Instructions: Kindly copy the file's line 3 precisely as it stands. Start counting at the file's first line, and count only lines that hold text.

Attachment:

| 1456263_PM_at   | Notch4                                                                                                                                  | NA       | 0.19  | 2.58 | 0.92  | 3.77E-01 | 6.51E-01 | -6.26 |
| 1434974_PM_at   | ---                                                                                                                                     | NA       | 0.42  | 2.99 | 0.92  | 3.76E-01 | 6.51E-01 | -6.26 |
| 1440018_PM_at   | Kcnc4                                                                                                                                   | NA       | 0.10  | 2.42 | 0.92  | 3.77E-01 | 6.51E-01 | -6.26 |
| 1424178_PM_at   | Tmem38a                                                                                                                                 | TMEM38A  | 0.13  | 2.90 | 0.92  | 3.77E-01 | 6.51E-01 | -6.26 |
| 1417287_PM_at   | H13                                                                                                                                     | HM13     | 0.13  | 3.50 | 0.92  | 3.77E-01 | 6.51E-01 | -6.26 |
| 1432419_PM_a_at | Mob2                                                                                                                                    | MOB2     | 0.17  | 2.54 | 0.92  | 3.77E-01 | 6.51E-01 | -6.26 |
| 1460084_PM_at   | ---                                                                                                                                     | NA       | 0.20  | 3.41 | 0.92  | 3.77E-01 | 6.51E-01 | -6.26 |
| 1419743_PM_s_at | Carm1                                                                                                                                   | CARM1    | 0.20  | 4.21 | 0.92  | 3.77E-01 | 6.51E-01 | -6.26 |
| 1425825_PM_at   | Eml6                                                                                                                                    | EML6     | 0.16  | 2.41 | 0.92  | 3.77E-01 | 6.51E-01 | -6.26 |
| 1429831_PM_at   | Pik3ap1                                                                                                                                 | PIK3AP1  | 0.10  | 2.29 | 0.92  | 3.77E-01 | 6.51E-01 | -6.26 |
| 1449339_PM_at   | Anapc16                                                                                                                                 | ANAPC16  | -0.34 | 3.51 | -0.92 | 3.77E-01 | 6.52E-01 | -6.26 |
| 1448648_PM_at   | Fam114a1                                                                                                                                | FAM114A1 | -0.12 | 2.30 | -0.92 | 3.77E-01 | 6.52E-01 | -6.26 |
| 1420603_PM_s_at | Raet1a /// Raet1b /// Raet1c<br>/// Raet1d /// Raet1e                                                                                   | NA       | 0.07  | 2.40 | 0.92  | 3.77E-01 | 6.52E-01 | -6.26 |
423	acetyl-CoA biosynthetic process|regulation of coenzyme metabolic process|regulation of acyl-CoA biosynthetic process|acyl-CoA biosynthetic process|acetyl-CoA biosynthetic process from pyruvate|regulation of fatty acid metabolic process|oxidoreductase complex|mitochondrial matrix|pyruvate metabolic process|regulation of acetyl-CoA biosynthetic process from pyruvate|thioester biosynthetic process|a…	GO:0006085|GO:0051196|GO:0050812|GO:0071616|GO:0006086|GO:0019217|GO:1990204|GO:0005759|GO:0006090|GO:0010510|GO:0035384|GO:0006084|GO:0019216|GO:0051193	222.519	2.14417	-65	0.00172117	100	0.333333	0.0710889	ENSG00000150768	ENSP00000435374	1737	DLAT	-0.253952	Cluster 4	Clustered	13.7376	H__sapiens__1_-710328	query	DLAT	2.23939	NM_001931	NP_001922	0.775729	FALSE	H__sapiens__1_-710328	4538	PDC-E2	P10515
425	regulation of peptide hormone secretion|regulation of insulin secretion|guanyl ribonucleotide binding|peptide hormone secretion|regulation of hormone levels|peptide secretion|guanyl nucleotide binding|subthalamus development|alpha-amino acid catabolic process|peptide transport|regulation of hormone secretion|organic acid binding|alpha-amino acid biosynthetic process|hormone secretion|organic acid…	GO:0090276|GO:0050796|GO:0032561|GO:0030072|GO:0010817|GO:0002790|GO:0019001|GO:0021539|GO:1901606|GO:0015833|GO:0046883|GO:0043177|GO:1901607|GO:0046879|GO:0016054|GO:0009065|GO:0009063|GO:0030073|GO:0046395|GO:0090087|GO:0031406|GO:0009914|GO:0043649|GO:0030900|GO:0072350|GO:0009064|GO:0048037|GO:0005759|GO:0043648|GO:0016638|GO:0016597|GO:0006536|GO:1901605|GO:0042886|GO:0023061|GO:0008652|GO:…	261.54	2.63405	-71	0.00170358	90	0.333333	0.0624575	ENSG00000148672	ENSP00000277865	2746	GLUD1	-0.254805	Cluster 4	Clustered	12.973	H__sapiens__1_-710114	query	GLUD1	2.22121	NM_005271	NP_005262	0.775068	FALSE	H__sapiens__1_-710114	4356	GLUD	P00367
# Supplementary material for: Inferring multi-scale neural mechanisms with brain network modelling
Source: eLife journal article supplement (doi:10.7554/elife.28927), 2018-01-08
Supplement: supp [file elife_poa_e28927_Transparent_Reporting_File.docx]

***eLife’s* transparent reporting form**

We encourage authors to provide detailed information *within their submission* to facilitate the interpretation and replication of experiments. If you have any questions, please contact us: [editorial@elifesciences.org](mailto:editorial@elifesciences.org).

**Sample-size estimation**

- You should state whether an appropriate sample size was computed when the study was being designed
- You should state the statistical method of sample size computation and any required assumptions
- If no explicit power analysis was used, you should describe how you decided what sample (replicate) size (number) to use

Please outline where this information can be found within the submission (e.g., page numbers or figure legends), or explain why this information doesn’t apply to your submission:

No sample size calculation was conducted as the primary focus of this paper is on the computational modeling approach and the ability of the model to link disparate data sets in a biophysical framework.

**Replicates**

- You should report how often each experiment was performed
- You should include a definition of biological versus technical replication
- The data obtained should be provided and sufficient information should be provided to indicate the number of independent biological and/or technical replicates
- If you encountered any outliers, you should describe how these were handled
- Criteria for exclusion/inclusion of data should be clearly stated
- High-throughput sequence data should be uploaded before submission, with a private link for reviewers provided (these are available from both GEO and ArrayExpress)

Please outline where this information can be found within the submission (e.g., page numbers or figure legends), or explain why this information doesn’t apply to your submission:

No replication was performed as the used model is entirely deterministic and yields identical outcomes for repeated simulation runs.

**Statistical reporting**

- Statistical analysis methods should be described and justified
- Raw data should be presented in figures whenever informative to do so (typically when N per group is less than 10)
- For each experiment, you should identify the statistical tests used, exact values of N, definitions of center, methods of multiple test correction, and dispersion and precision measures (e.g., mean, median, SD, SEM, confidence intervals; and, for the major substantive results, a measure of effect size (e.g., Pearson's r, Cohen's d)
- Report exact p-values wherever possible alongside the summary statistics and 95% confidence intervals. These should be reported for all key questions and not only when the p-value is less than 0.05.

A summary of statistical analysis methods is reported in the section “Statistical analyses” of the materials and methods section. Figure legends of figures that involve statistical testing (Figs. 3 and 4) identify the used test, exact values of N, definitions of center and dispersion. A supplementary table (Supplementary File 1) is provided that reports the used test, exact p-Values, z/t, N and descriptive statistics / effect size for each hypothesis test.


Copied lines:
| 1440018_PM_at   | Kcnc4                                                                                                                                   | NA       | 0.10  | 2.42 | 0.92  | 3.77E-01 | 6.51E-01 | -6.26 |